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Archived updates for Thursday, January 18, 2007

Dilution by Blurring Shown by Circumstantial Evidence

Thanks to JurisNotes.com for passing along Horphag Research Ltd. v. Garcia (1/9/07) where the Ninth Circuit held that circumstantial and uncontroverted evidence proved that actual blurring has occurred, such that the district court properly granted summary judgment on Horphag’s trademark dilution claims.

The test for trademark dilution . . . requires the trademark owner to show (a) that its mark is famous; (b) that the junior user has made commercial use of the famous mark; (c) that the junior user began using the mark after it had became famous; and (d) that such use caused actual dilution. See Avery Dennison Corp. v. Sumpton, 189 F.3d 868, 873-74 (9th Cir. 1999) (citing Panavision Int’l, L.P. v. Toeppen, 141 F.3d 1316, 1324 (9th Cir. 1998)); Moseley, 537 U.S. at 433. Garcia, the junior user, does not challenge the district court’s finding as to the first three requirements. Therefore, we consider his challenges regarding actual dilution, and we also consider his various defenses. . . .

Under Moseley, Horphag need only provide circumstantial evidence that Garcia’s use of Pycnogenol diluted its famous trademark. See 537 U.S. at 433. Moseley explains, however, that use of an identical mark is itself circumstantial evidence. Id.; see also Savin, 391 F.3d at 452 (noting that “where a plaintiff who owns a famous senior mark can show the commercial
use of an identical junior mark, such a showing constitutes circumstantial evidence of the actual-dilution element of an FTDA claim”).

Specifically, Horphag presented circumstantial evidence that Garcia’s use of the Pycnogenol mark constituted blurring. “Blurring occurs when a defendant uses a plaintiff’s trademark to identify the defendant’s goods or services, creating the possibility that the mark will lose its ability to serve as a unique identifier of the plaintiff’s product.” Panavision Int’l, 141 F.3d
at 1326 n.7. The theory of dilution by blurring thus protects the benefits that flow from a sharp and distinct connection between one mark and one product. See McCarthy § 24:70.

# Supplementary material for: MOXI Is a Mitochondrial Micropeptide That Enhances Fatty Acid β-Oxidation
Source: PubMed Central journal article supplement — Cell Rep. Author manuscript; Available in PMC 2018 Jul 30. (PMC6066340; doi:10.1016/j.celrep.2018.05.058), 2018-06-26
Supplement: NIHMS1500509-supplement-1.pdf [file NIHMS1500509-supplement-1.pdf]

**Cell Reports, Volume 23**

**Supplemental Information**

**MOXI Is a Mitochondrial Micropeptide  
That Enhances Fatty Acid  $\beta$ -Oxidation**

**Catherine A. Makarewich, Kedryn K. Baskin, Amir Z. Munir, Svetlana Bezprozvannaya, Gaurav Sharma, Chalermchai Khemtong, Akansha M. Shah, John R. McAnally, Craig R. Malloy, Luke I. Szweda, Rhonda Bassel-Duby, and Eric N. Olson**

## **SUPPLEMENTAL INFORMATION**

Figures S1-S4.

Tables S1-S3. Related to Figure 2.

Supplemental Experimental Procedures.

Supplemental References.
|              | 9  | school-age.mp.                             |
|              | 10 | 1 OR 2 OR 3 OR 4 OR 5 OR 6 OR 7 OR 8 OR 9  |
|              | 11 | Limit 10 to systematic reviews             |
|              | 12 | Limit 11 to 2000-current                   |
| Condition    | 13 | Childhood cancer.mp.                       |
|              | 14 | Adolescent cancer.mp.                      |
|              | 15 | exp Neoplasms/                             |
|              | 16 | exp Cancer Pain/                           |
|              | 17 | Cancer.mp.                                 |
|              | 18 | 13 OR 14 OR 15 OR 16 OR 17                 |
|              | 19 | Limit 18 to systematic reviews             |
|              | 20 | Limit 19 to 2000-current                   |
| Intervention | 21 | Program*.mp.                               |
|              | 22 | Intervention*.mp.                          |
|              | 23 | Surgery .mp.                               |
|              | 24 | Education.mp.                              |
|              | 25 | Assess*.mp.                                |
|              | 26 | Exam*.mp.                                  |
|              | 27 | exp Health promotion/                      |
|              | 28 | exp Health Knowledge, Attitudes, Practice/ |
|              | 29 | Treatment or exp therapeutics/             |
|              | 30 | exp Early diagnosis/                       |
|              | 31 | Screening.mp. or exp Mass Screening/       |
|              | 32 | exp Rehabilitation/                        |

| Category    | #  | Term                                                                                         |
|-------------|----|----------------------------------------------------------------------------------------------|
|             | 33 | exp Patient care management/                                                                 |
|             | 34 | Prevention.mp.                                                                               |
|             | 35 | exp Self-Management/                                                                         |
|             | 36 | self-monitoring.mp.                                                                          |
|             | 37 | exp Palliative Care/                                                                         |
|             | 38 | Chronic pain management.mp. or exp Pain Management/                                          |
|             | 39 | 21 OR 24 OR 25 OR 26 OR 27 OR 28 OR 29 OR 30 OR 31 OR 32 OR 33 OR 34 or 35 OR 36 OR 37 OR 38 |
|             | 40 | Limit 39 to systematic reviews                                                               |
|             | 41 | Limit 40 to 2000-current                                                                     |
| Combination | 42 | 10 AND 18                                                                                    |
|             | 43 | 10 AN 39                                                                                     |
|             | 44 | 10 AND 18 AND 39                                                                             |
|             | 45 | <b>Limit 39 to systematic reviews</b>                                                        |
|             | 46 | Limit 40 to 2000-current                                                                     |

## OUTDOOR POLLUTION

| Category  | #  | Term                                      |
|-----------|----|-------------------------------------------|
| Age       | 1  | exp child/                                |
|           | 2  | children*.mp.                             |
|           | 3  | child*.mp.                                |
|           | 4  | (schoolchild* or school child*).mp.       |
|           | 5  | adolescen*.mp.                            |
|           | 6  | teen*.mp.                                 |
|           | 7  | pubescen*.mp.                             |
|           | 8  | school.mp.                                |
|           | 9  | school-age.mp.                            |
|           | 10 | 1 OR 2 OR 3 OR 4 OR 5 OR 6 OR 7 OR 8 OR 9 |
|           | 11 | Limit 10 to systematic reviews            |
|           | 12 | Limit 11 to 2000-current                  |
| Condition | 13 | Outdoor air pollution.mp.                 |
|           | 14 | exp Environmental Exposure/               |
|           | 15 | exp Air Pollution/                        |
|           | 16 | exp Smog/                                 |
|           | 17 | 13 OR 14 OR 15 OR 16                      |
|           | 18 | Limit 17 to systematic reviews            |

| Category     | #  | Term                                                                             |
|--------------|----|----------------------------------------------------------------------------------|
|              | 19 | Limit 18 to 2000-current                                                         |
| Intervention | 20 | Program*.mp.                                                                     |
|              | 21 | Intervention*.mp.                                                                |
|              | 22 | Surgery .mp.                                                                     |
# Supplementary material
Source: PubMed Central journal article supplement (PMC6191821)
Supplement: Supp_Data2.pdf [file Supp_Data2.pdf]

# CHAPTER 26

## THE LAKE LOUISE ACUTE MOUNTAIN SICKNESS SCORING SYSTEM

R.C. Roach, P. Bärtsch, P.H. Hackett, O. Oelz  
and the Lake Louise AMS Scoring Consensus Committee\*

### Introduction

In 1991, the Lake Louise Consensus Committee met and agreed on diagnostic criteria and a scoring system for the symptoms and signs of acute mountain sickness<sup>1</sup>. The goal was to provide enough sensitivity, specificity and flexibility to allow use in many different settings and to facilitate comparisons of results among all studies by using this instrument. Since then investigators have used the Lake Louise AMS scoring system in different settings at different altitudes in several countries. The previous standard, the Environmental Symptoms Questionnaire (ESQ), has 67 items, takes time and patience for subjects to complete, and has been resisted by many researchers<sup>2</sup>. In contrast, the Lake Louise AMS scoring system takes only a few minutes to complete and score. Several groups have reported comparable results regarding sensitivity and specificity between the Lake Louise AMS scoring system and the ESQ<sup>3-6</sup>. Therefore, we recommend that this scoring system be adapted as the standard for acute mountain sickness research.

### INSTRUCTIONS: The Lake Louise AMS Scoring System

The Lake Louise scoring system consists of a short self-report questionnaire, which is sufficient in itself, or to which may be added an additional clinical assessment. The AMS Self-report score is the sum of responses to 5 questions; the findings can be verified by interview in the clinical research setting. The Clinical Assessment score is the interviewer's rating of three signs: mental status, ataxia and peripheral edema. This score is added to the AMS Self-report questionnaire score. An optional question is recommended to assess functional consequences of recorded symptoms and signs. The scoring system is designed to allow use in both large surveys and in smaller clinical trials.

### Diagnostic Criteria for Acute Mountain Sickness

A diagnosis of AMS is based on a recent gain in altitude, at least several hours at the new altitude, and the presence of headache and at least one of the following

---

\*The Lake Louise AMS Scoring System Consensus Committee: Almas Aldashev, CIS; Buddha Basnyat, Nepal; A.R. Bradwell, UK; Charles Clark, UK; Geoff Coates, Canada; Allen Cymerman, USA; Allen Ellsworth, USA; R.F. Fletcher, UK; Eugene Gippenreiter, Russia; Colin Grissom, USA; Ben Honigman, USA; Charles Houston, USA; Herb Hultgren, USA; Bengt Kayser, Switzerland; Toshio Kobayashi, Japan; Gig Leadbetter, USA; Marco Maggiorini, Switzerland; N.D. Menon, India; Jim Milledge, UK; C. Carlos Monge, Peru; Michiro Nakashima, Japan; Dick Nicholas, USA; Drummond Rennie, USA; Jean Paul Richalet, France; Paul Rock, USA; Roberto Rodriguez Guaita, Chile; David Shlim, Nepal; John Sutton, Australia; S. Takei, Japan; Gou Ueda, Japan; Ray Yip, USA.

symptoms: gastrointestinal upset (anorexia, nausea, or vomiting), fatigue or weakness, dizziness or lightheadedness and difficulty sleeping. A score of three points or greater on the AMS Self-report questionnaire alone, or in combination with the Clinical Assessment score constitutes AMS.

Garcia has blurred the sharp connection between Horphag’s product and the mark Pycnogenol. Horphag’s employee Victor Ferrari testified that numerous consumers who contacted Horphag learned, after purchasing Garcia’s product, that the product they purchased was not Horphag’s Pycnogenol. He also received calls asking whether Garcia “was selling a real Pycnogenol product.” This testimony represents evidence that Garcia’s actions have lessened the ability of the mark Pycnogenol to uniquely identify Horphag’s product. Not only does the infringing use create a “mental association” in the consumer’s mind between Horphag’s product and the product Garcia sells, but indeed, the evidence shows that some consumers believed they were purchasing Pycnogenol—with its good will and reputation—when they purchase Garcia’s product. See Moseley, 537 U.S. at 435 (Kennedy, J., concurring) (“If a mark will erode or lessen the power of the famous mark to give customers the assurance of quality and the full satisfaction
they have in knowing they have purchased goods bearing the famous mark, the elements of dilution may be established.”).

Contrary to Garcia’s arguments, consumer surveys and the like are not necessary in cases like this, where the junior and senior mark were identical and where there is circumstantial evidence that blurring actually resulted. See id. at 434. Garcia’s use of the mark Pycnogenol has clearly weakened the unique connection between Horphag’s mark and Horphag’s product.


In 1969, Dr. Jack Masquelier, a French professor of pharmacology, discovered a chemical antioxidant substance made from the bark of a French maritime pine tree. The substance supposedly assists in nutritional distribution and proper circulation. Around 1978, Masquelier brought the product to market under the name “Pycnogenol.” Masquelier1 received the trademark in France for the mark Pycnogenol in 1989.

Around 1987, Horphag began selling the pine bark extract outside of France under contractual relationship with Masquelier. Thereafter, things between Horphag and Masquelier went sour, and the two parties dissolved their relationship. In 1993, Horphag was granted the United States trademark for the mark Pycnogenol. Pycnogenol is now one of the fifteen most sold herbal supplements in the United States.
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2 Comments:

Anonymous Anonymous said...

^^Thanks!!

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April 07, 2009 1:56 AM  
Anonymous android logiciel said...

Contrary to Garcia’s arguments, consumer surveys and the like are not necessary in cases like this, where the junior and senior mark were identical and where there is circumstantial evidence that blurring actually resulted. See id. at 434. Garcia’s use of the mark Pycnogenol has clearly weakened the unique connection between Horphag’s mark and Horphag’s product.

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December 10, 2010 11:08 AM  

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